A detail from a manuscript of the Anglo-Saxon Chronicle, showing Æthelflaed’s name.
Æthelflaed’s name (spelled Æþelflæd), in the B-text of the Anglo-Saxon Chronicle: Cotton MS Tiberius A VI, f. 30r


Æthelflæd, lady of the Mercians, ruled the Anglo-Saxon kingdom of Mercia from 911 until her death in 918. She was a significant figure in the events leading up to the creation of the kingdom of England

She was the eldest child of King Alfred of Wessex  (reigned 871–899) and his wife, Ealhswith (died 902), who may have been related to the royal house of the neighbouring kingdom of Mercia. Alfred had made an alliance with Æthelred, lord of the Mercians. Æthelflæd subsequently married Æthelred, strengthening this bond.

Lady of the Mercians

When Æthelred died in 911, Æthelflæd became the ruler of the Mercians in her own right. As lady of the Mercians (‘Myrcna hlæfdige’), she expanded her territories to the North, East and West. Æthelflæd fortified settlements and led her armies into Wales and Northumbria. 

In the final year of her life, the people of York pledged to obey her direction (‘rædenne’). Some of her military exploits were possibly co-ordinated to help her brother, Edward the Elder, king of Wessex (reigned 899–924), but at other times Æthelflæd is likely to have been acting independently.

Contrasting chronicles 

Most of our information about Æthelflæd’s reign comes from a narrative of Mercian affairs for the years 904–924, embedded in three manuscripts of the Anglo-Saxon Chronicle. This is known as the ‘Mercian Register’. It provides a very different account from another version of the Anglo-Saxon Chronicle, which focuses on her brother, Edward the Elder.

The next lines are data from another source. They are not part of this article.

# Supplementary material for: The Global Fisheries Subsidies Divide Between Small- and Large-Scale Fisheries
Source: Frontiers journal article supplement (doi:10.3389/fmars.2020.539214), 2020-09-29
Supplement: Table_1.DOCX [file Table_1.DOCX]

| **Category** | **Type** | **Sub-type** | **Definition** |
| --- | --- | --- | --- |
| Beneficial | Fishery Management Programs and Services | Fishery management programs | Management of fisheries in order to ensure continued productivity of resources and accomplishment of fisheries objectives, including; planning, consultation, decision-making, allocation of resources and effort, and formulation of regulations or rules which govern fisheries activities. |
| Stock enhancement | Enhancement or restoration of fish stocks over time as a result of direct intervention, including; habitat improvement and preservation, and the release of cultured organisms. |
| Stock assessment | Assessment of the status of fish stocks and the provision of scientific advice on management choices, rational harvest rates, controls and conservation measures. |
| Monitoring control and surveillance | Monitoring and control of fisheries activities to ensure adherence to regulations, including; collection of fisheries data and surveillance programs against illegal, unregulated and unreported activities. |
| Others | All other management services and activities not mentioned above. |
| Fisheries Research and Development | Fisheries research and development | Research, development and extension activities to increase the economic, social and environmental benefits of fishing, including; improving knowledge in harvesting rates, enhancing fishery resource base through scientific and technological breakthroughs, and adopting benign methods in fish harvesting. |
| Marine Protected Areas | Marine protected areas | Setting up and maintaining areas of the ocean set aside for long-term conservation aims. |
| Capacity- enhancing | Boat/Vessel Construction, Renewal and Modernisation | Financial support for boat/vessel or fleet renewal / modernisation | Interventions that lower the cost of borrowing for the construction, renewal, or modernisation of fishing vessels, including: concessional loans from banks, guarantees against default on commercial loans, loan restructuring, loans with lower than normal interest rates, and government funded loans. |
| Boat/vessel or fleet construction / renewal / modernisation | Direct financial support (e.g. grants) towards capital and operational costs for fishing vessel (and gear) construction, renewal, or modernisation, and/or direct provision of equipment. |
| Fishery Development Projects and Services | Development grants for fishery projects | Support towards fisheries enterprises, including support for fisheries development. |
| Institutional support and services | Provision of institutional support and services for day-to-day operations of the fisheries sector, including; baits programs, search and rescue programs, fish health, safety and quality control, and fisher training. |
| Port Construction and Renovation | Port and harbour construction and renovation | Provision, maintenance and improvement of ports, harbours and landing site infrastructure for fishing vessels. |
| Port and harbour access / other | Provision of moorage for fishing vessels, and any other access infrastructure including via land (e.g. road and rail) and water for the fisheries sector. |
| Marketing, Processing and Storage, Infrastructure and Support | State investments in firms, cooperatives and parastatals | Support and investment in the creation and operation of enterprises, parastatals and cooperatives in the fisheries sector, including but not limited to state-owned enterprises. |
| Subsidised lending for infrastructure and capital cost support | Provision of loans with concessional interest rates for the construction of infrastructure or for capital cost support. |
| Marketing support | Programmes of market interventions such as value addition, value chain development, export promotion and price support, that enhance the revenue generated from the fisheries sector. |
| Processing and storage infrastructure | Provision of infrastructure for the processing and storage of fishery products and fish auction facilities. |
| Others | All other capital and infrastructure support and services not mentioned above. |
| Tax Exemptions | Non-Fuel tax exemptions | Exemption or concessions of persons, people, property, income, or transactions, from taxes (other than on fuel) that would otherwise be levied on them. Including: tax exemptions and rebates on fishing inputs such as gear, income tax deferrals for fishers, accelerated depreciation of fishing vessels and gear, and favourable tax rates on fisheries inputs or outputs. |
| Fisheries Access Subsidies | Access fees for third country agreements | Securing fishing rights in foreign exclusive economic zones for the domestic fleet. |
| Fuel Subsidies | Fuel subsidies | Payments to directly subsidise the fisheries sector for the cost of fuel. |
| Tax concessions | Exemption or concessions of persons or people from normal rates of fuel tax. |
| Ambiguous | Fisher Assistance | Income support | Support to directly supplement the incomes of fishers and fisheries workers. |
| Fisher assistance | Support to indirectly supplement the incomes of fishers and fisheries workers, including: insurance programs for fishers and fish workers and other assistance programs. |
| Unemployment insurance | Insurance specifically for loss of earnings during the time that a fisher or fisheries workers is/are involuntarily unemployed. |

For example, when discussing what happened during the same months in 916, one version of the Chronicle describes Edward building a burh, while the other details Æthelflæd’s military campaign in Wales.

Women and power in the 10th century 

Æthelflæd’s reign was unusual. Her successful political career did not necessarily reflect tolerant contemporary attitudes towards women, and (with one brief exception) she did not pave the way for future Anglo-Saxon female leaders. 

According to Asser, her father’s biographer, the West Saxon court where she grew up was particularly opposed to over-mighty queens: 

‘The West Saxons do not allow a queen to sit beside the king, nor to be called a queen, but only the king’s wife [because of] a certain obstinate and malevolent queen [from Mercia], who did everything she could against her lord and whole people’ (Asser, Life of Alfred, chapter 13, translated by M. Lapidge and S. Keynes, Alfred the Great, Harmondsworth: Penguin Classics, 1983).

Æthelflæd was initially succeeded by her daughter, Ælfwynn. The Mercian Register claims that one year later, in 919, Ælfwynn 'was deprived of all authority in Mercia and taken into Wessex, three weeks before Christmas' by her uncle Edward (The Anglo-Saxon Chronicle: A Revised Translation, translated by D. Whitelock and others (London: Eyre and Spottiswoode, 1961), p. 67). 

England would have to wait until the 16th century for another queen (Mary I) to rule unchallenged in her own right.

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